Re: Help, my developers are killing me with varchar2(4000)
Date: Tue, 29 Jul 2008 18:14:02 +1000
> I have a developer that created some tables in a development instnace
> and wants me to promote them to QA. I took a look at them, and nearly
> every column is varchar2(4000). I am pretty sure this is overkill for
> most of them. I know it takes up as much room as the data, but I just
> don't like this design philosophy. Does anyone have any references/
> urls saying this is a bad idea to design tables like this? It has been
> my experience that you get bad data by allowing columns to contain
> more data then what it should really hold.
> Thanks in advance,
OMG - are som eof our developers working for you as well?
I have this arguement regularly, particularly with web developers for some reason. I'll be there are no check, fk or any other referenctial integrity constraints in there as well!
I think part of the problem here is that many, particularly young and often web oriented developers just use the database as a 'bit bucket'. We had exactly this issue recently. Not only were all the fields varchar2(400) (including ones used to store dates, timestamps, and numbers - even unnatural primary keys that used sequences to generate the unique key) the tables were called things like bens_data where Ben is one of the developers. Worse still, all the logic reagarding the data relationships and constraints was handled in the client app code (more often than not java/jsp),
I think essentially, it is a combination of laziness (can't be bothered actually doing any formal analysis and data modeling) and ignorance (don't even understand when I try to explain why its bad design).
I regularly try to explain the benefits of using the facilities of the database to assist in managing your data e.g. don't have to replicate the logic in every client app and therefore don't have problems in keeping things consistent between apps, providing valuable information for the poor suckers that end up having to maintain the apps etc. All I get back is that their way is more flexible and quicker. My way is slower and harder to modify. Of course, they don't consider maintenance.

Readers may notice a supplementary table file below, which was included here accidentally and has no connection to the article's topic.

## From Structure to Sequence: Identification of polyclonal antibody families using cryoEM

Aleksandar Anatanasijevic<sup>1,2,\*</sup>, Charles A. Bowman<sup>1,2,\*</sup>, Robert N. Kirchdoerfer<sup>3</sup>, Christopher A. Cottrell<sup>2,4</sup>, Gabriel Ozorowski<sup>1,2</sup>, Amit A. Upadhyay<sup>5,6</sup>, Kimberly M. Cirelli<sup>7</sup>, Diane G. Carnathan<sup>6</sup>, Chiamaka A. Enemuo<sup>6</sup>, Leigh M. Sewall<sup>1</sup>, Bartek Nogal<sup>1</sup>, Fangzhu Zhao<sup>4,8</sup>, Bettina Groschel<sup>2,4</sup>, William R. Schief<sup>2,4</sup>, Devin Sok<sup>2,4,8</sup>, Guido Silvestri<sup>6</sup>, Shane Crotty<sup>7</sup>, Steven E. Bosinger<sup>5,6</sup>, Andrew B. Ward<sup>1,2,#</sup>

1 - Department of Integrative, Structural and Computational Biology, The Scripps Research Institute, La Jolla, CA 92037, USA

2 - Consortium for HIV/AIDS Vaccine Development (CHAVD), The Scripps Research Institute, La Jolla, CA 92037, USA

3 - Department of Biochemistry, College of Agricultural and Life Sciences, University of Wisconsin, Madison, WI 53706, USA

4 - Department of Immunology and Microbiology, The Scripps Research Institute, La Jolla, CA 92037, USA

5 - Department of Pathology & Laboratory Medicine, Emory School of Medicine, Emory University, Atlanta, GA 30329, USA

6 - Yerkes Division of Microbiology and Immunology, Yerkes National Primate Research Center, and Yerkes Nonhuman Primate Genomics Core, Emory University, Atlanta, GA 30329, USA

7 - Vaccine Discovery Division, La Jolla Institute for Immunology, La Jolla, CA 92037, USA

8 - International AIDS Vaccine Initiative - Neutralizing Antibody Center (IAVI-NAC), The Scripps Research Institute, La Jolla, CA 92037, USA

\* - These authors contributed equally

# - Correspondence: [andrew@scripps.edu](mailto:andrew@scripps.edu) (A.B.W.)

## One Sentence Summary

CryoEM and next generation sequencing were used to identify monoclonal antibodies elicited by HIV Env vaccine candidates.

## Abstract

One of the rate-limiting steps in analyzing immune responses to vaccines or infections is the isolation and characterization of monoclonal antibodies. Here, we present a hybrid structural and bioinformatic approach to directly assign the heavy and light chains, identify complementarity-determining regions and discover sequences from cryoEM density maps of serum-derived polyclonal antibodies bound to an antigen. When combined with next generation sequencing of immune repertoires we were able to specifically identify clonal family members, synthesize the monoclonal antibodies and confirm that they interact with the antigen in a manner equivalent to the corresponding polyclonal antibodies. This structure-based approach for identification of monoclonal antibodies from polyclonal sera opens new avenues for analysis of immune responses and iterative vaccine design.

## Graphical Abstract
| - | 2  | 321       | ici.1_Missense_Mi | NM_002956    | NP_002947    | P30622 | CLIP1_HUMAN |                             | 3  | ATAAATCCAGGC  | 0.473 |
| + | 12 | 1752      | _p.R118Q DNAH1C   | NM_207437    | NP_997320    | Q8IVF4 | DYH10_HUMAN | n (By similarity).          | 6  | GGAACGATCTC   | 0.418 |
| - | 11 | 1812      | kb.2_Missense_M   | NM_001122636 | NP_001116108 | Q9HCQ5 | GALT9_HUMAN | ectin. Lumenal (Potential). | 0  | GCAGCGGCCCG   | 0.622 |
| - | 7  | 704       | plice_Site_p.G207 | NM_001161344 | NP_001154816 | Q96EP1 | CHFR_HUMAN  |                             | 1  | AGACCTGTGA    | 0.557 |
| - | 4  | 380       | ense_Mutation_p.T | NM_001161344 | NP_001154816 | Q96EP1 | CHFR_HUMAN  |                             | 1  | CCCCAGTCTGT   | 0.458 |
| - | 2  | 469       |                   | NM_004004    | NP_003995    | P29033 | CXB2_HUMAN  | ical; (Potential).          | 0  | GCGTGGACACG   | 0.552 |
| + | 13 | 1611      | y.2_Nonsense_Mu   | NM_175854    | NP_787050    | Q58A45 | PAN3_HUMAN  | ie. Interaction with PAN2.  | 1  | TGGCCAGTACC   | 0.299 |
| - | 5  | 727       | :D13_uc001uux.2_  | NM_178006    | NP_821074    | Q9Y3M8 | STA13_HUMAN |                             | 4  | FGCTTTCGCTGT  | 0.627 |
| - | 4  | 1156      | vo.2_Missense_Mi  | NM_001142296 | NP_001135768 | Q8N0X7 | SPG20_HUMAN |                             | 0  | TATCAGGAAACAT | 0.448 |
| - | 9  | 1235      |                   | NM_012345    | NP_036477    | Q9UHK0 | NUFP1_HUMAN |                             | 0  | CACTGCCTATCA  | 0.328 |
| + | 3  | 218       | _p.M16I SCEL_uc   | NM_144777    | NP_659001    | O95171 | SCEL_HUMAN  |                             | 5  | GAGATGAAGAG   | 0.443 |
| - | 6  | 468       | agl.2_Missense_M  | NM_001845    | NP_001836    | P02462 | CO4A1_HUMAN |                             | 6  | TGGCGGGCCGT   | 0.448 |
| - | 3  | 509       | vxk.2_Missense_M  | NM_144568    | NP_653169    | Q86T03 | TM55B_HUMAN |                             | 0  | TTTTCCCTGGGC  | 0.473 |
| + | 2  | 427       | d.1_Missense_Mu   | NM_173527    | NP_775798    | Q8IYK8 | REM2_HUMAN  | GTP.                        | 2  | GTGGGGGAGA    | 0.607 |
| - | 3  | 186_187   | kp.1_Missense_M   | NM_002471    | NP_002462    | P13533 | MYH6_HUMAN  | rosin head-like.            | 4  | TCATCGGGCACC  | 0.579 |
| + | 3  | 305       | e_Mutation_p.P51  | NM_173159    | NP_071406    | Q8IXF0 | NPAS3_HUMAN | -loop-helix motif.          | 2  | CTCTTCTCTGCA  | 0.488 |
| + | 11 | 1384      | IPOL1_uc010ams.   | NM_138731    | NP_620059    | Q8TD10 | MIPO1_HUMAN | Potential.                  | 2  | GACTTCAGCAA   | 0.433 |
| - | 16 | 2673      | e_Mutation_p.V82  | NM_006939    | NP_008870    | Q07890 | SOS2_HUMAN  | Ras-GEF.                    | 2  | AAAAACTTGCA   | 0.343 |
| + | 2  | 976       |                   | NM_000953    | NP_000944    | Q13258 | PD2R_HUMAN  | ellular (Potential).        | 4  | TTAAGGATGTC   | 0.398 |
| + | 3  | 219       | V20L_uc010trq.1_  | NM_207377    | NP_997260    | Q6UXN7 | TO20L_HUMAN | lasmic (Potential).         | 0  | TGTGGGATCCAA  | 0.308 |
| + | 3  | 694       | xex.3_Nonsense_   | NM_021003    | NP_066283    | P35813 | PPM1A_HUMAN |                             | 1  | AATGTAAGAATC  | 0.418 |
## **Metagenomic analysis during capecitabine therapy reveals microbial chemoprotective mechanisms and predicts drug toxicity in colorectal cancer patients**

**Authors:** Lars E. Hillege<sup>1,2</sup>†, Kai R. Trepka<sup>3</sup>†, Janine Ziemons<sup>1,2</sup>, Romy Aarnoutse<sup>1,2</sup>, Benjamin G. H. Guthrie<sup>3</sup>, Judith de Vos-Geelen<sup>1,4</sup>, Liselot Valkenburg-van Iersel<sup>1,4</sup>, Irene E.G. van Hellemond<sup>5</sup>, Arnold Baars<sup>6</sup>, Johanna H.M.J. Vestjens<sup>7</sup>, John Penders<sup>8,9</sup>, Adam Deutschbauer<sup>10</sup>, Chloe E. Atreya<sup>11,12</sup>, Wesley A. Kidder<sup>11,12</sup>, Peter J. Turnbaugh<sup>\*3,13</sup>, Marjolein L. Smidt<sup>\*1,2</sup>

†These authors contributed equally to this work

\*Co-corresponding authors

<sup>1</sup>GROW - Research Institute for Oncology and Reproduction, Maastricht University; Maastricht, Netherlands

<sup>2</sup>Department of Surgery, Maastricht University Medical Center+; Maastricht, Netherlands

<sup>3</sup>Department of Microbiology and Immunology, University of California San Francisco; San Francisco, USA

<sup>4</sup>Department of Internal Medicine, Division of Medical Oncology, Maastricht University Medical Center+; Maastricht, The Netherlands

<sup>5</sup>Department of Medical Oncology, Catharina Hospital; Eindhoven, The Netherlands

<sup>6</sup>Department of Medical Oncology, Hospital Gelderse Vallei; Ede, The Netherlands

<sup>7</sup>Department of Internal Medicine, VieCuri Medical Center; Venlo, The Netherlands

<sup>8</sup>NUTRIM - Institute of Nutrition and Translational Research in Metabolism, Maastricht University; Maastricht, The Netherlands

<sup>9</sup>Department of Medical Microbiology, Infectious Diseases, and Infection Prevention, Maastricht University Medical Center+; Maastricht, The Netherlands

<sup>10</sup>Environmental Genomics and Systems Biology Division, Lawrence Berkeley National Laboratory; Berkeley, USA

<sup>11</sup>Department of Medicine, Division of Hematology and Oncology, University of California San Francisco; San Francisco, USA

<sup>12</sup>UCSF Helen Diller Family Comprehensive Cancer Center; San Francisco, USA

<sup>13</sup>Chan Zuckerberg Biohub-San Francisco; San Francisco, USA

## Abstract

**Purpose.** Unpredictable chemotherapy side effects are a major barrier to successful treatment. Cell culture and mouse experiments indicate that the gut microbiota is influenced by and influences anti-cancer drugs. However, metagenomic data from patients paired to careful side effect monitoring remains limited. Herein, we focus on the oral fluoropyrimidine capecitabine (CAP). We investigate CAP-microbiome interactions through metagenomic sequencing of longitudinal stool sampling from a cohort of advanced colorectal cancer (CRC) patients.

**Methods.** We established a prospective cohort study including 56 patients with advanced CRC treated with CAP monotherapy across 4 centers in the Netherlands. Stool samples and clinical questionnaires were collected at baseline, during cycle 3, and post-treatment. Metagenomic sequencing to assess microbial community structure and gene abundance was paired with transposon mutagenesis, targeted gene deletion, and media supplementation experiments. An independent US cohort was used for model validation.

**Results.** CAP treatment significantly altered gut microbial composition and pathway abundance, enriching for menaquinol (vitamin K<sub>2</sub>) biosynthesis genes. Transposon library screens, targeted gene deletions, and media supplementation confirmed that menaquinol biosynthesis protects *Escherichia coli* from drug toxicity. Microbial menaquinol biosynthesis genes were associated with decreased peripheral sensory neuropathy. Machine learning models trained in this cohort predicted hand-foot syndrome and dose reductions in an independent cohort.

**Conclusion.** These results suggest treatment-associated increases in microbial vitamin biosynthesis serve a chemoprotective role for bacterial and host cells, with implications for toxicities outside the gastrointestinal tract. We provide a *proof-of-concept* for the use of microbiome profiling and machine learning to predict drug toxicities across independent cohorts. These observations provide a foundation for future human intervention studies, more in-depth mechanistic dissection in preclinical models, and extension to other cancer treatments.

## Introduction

A big part of the problem is lack of experience. For some reason, there is this growing belief in some management quarters that these young recent graduates, who are half the cost of more experienced developers, are doing excellent work - I mean, seew snazy that web page looks. Of course, when they realise the app is becoming nearly impossible to maintain, the original developer has moved on and so has the manager. Some new manager and new recent grad is responsible. they end up bitching about how bad the previous lot were and then go about re-implementing the app because its too hard to maintain. Unfortunately, they just do the same thing all over again and the whole process starts another cycle.
All I can suggest is to keep pushing your case and don't get too frustrated when you can't get any support for your arguments. If your really really into frustration and pain, start talking about the benefits of developers using things like dbms_application_info and providing some help to the DBAs who keep getting hassled to solve performance problems etc. I'm not a DBA BTW.
-- tcross (at) rapttech dot com dot auReceived on Tue Jul 29 2008 - 03:14:02 CDT